Thursday, April 10, 2014

"So Long, Frank Lloyd Wright" /
Simon and Garfunkel

So who invented this National Sibling Day?  I've never heard of this bogus holiday before -- yet now suddenly, today, everybody and their brother are posting all over Facebook these happy smiling pictures of them with their sibs.

And I'm one sib short and it makes me incredibly sad.

So here's a song that I've lately found makes me feel better.

I had already put this on my Holt playlist, but the day I was cleaning out his apartment and put his iPod in the iDock for iShuffle iListening, I was delighted to hear so many S&G tunes in his library. Flashback to our teenage years, when, even before The Graduate made "Sounds of Silence" so iconic, Holt had introduced me to Wednesday Morning 4 AM and Parsley, Sage, Rosemary and Thyme. I bought a guitar just so I could pick out those tunes (painfully, I might add). We were NEW Folkies, which these days would be labeled Indie Rock. Whatever. It wasn't Peter Paul and Mary, that's all we knew.

Jump forward to 1970, when Holt had gone off to college, leaving me at home in Indianapolis to carry the torch. Bridge Over Troubled Water was their last album, and just about every song on it alluded to their impending break-up . . . or so I now realize. Then, not so much. I thought this was a song about an architect. And yeah, if I thought about it that was kinda odd, but what did I know?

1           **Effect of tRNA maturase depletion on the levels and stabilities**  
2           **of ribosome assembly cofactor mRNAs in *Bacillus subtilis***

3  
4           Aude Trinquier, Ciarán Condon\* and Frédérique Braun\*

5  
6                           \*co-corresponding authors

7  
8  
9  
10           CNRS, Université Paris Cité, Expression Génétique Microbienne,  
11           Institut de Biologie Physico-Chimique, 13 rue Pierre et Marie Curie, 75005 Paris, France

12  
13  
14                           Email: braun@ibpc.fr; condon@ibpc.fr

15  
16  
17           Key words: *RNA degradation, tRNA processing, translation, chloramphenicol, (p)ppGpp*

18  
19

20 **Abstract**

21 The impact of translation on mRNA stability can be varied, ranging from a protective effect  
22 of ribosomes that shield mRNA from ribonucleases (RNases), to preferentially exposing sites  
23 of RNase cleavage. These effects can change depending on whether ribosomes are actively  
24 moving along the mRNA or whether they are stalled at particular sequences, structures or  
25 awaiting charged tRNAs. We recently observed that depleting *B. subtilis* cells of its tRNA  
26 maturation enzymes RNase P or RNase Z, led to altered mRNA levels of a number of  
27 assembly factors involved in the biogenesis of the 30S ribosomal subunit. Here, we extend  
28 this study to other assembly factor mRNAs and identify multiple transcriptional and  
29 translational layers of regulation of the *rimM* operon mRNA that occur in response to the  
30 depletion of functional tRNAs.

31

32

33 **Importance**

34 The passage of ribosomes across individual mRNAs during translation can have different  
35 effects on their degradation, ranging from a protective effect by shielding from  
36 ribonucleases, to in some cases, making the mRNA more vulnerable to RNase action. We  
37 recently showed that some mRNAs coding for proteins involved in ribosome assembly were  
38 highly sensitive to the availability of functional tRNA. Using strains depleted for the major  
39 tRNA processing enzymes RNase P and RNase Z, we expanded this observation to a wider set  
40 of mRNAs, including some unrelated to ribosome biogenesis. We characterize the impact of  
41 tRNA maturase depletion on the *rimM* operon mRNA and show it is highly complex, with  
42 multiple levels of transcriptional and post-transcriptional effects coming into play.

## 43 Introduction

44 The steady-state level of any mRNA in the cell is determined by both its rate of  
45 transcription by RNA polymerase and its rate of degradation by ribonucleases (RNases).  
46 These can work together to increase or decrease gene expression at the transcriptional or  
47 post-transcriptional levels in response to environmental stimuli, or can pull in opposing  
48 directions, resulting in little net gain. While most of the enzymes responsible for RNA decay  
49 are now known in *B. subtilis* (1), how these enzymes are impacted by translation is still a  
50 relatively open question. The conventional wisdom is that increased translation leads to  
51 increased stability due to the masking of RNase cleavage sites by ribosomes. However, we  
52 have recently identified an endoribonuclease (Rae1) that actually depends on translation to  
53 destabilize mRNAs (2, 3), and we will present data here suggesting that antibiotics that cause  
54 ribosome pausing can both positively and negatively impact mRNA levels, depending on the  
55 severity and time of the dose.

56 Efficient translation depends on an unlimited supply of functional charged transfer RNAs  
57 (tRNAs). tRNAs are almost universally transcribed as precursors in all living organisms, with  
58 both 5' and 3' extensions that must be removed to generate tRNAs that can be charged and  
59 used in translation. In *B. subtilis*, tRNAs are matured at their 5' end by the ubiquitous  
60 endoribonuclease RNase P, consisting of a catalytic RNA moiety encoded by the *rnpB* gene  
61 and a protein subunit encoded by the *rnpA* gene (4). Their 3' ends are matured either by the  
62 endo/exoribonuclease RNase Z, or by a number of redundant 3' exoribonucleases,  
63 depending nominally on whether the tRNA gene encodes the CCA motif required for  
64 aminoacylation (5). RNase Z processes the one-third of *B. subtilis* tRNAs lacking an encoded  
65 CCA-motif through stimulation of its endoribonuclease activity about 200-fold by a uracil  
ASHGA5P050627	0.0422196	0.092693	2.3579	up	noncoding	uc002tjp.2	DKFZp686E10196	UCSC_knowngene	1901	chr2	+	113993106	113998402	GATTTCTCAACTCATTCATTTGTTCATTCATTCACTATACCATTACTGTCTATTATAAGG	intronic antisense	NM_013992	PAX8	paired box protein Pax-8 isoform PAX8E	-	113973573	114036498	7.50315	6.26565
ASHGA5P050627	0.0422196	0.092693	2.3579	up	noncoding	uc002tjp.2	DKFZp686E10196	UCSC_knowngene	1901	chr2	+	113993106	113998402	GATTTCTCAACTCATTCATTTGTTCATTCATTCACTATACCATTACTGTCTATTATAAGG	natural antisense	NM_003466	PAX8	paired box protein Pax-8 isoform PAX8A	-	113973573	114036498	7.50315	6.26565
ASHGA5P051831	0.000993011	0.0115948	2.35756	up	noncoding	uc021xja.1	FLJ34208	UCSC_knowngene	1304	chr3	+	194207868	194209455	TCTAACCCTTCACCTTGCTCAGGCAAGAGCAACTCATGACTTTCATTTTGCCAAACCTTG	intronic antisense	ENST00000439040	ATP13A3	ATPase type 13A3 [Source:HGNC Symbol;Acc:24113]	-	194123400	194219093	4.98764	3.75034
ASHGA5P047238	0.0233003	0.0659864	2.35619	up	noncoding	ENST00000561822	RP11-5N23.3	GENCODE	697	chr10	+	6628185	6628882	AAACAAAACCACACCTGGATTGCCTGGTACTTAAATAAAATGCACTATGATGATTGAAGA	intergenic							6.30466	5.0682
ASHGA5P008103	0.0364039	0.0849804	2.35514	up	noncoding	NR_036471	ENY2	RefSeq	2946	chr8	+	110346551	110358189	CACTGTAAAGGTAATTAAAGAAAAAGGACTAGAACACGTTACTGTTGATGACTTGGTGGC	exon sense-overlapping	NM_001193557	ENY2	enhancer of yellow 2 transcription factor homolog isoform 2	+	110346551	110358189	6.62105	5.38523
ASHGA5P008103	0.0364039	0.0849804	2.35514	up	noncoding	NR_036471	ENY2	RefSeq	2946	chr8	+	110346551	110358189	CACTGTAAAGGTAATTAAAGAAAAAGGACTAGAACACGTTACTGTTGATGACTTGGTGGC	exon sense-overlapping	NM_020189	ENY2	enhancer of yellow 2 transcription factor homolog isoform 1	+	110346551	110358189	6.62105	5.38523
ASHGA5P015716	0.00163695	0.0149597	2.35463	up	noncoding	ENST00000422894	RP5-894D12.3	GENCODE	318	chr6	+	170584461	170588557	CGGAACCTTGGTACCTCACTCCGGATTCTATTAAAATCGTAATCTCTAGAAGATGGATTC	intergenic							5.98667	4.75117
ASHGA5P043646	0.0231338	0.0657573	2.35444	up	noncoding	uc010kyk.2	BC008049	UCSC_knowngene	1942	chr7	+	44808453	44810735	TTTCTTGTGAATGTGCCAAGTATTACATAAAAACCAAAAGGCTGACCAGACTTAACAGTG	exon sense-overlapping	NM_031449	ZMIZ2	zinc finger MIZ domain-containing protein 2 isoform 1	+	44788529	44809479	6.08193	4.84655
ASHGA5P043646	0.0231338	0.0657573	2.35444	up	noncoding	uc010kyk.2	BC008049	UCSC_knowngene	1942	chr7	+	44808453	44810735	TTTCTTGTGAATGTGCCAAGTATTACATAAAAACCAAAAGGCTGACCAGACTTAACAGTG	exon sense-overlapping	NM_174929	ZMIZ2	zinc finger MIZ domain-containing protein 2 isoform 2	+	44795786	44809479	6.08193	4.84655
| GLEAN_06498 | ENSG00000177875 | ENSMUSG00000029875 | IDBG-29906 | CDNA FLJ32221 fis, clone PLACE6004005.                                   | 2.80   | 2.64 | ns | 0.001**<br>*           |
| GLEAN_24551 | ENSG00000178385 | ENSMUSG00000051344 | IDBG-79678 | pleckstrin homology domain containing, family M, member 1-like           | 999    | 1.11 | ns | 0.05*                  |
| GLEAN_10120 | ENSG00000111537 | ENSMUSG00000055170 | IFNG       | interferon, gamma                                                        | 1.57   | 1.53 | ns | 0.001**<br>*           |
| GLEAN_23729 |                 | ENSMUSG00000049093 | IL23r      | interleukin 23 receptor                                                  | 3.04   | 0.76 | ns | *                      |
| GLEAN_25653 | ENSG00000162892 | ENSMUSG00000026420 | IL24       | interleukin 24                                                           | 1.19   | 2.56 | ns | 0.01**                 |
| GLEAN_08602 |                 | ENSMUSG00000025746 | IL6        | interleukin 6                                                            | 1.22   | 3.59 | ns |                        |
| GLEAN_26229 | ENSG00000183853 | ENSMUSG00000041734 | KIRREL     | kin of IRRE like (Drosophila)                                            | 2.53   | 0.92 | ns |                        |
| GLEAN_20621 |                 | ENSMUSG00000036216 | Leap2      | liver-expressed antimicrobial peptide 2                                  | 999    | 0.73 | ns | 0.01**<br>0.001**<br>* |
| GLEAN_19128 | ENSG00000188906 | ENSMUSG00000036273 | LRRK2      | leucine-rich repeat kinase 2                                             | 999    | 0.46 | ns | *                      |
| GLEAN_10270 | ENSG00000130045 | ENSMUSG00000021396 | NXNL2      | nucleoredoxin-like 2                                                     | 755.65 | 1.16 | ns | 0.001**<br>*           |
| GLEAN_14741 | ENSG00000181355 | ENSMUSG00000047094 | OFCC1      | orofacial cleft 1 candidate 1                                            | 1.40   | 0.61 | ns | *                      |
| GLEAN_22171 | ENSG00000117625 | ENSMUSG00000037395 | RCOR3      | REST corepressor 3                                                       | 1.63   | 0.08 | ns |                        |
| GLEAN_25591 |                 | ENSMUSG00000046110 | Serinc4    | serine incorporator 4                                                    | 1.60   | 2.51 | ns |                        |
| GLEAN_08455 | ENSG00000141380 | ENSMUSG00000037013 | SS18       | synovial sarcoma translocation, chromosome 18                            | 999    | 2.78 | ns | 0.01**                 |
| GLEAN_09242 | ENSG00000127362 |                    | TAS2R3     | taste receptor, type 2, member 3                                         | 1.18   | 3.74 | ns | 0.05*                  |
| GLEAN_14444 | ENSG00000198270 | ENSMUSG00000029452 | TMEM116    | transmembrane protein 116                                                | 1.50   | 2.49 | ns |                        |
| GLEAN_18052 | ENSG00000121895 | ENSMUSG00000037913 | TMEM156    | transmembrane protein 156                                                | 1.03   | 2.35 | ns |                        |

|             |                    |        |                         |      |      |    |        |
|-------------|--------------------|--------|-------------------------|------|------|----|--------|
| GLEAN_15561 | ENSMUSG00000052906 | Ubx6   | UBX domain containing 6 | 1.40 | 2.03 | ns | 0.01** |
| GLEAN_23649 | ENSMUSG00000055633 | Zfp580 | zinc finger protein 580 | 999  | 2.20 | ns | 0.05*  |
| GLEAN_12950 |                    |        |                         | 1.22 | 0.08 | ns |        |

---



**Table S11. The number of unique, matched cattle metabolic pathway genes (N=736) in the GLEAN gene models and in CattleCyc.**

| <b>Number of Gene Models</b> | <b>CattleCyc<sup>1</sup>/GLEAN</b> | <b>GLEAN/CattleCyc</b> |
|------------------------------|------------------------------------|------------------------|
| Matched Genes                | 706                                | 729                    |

But as a farewell song, it's a beauty. It's so tender, so wistful, and just uptempo enough that you know not to despair; they're gonna be okay. That samba beat -- god, how I love a good samba -- soothes and smooths everything out.

Art is singing, at his most angelic. (If nothing else, this album forever stands as his finest singing ever.) That lagging syncopation -- "So / long / Frank Lloyd Wright / I can't believe your song is gone so soon." He's still a little dazed by the news, isn't he? (Me too.) "I barely learned the tune / So soon / So soon..."  What I love about this song is how it sets up Wright as a visionary, WAY ahead of his time (as he was), with the rest of us just scrambling to follow. And now WE ARE LOST, with our beacon snuffed out.

Now, Simon wrote this song but Garfunkel sang it, and I'm not about to get lost in the maze of who was the visionary and who was the acolyte. I prefer to think of it as an Escher print with endless echoes and doubling-backs and leave it at that.

And anyway, the verse that really comes home for me is the next one: "So long / Frank Lloyd Wright / All of the nights we'd harmonize till dawn / I never laughed so long / So long / So long." (You know me and word play; that "so long / so long" never fails to delight.) Then I think of all the late nights my brother and I spent talking, laughing, jumping from subject to subject with lightning flashes of irrelevant relevance ... forty, fifty years of that?  Where am I ever going to find that again?

"Architects may come and / Architects may go and / Never change your point of view," Art gently remarks in the bridge. The implied message? People who change your point of view are the only people worth messing with. Amen.

Is this song about Frank Lloyd Wright?  No, it isn't. It's about another short genius. Yes, Paul Simon. And the idea that Simon had Garfunkel sing this song, which could be construed as a paean to his own genius, makes me grin.